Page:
Saturday, 20 August 2016

"Not defending or vilifying it"

The homepage of the BBC News website has a prominently placed new 'The Reporters' piece:

It's by Shaimaa Khalil, the BBC's Pakistan correspondent, and makes the case for the burkini, ending:
But to me, as someone who wore it for years, it has always meant that I could swim, and in that was a freedom that I still remember and am still grateful for.
Her piece has provoked a heated debate on Twitter, in which she's been participating. There's not been much of a meeting of minds. 

Curiously, however, she seems to believe that her piece doesn't take a biased position on this sensitive issue. 

I doubt anyone reading the piece would seriously think that she's anything other than against a burkini ban though.


  1. For me if you have free will to wear it feel free to do so.

    What I actually find more objectionable is that there are many other faiths and beliefs in Britain.

    How about something promoting and supporting them for a change? BBC? It's currently day to day promotion of Muslim beliefs.

  2. Quite. There are nearly a million Hindus in the UK, for example. They hardly ever get such promotion.

  3. Expecting the BBC to give up its Islamic Love In ideology is like expecting an alcoholic to give up the bottle. It's become habitual.

    Strange isn't it? But I think I've worked out the dynamic - even though Islam is poisonous to all the left-liberal elite hold dear (feminism, gay rights, youth rebellion, pacifism, socialism and human rights) they need to drink deep of it...they need to convince themselves (first and foremost and then us by extension) that Islam is a normal system of belief that can be compatible with a PC multicultural left-liberal society. They can only do that by praising and promoting its followers, making them seem an integrated part of the wider society (through drama, lifestyle programmes and news items and hiding all references to Sharia...they realise that if Islam appears somehow not to fit into their overall vision then it will undermine PC multiculturalism as an ideology.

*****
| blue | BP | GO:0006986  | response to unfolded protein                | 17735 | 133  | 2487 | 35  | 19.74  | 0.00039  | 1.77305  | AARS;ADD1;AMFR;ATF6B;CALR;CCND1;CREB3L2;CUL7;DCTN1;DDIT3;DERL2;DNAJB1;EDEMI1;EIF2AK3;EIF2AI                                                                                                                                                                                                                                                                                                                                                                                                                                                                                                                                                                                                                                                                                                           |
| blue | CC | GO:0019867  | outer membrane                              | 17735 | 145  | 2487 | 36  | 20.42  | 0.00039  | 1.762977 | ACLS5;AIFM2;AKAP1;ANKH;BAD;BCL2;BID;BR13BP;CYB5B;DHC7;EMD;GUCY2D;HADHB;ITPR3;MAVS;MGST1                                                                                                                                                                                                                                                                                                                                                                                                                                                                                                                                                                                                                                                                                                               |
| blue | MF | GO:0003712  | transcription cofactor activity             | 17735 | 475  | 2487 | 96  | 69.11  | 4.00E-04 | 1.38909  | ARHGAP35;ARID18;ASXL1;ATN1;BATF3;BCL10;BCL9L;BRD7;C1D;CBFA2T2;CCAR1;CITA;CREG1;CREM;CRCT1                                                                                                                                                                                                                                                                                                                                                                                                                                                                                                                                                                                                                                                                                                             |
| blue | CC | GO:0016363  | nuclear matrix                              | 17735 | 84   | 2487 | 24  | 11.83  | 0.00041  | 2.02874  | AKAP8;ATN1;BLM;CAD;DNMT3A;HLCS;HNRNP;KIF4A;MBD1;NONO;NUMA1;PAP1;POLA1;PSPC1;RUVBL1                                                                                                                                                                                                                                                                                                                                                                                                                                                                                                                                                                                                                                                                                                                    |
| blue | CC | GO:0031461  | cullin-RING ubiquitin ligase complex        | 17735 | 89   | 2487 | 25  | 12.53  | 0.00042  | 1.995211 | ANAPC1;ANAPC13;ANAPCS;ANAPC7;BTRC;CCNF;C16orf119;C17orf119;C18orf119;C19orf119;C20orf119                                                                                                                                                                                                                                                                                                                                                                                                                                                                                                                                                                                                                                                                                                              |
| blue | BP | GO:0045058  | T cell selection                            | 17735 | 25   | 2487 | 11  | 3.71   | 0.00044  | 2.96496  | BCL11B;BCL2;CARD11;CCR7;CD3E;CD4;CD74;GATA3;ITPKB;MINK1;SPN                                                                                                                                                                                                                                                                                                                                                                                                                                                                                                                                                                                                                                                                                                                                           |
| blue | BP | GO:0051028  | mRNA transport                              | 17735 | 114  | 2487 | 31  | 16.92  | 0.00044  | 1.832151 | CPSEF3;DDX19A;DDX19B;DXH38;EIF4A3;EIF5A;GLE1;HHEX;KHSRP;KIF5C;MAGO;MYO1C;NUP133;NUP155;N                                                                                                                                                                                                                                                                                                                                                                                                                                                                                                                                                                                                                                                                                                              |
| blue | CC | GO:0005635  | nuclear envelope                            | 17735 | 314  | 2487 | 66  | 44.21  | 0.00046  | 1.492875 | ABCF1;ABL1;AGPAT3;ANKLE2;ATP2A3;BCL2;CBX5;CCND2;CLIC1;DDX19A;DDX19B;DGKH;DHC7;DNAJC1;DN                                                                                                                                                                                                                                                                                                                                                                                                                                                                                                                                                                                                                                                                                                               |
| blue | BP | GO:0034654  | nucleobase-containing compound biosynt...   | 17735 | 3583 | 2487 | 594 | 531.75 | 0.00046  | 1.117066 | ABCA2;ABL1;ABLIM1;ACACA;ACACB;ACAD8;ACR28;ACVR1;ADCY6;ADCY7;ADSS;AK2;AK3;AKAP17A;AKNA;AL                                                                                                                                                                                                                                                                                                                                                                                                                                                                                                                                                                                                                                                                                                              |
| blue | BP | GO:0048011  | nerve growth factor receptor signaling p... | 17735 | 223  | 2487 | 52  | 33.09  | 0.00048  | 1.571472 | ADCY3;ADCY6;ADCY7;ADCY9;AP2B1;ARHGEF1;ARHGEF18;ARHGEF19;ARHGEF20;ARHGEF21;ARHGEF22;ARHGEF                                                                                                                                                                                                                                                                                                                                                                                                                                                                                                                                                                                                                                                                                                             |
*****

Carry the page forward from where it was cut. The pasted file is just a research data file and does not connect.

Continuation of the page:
Of course they end up with terible hangovers - like that one after Cologne New Year's Eve...but they are soon "back on the bottle" - going for the stronger stuff this time, like Catrin Nye saying it is Islamophobic even to object to Sharia law.

  4. The BBC has a very long history of allowing personal advocacy from their journalists on special, sensitive topics. Justin Webb was allowed to do a special feature advocating for embryonic stem cell research because his son has juvenile diabetes, for example, or Stuart Hughes and his campaign to carry the Olympic Torch because he is an amputee.

    Objectivity and impartiality is out the window, and we're supposed to pretend they all know when to draw the line.

  5. One drunk woman summed up what people don't like about this garb, in the cry: Go home, Saudia Arabia. She went further than that, ending up in court for aggravated criminal damage to a black-garbed artwork:

    If the sculpture itself isn't bad enough, The Evening Standard obligingly gave us the thoughts of its creator, a woman from Jordan living in London - the ironies pile up: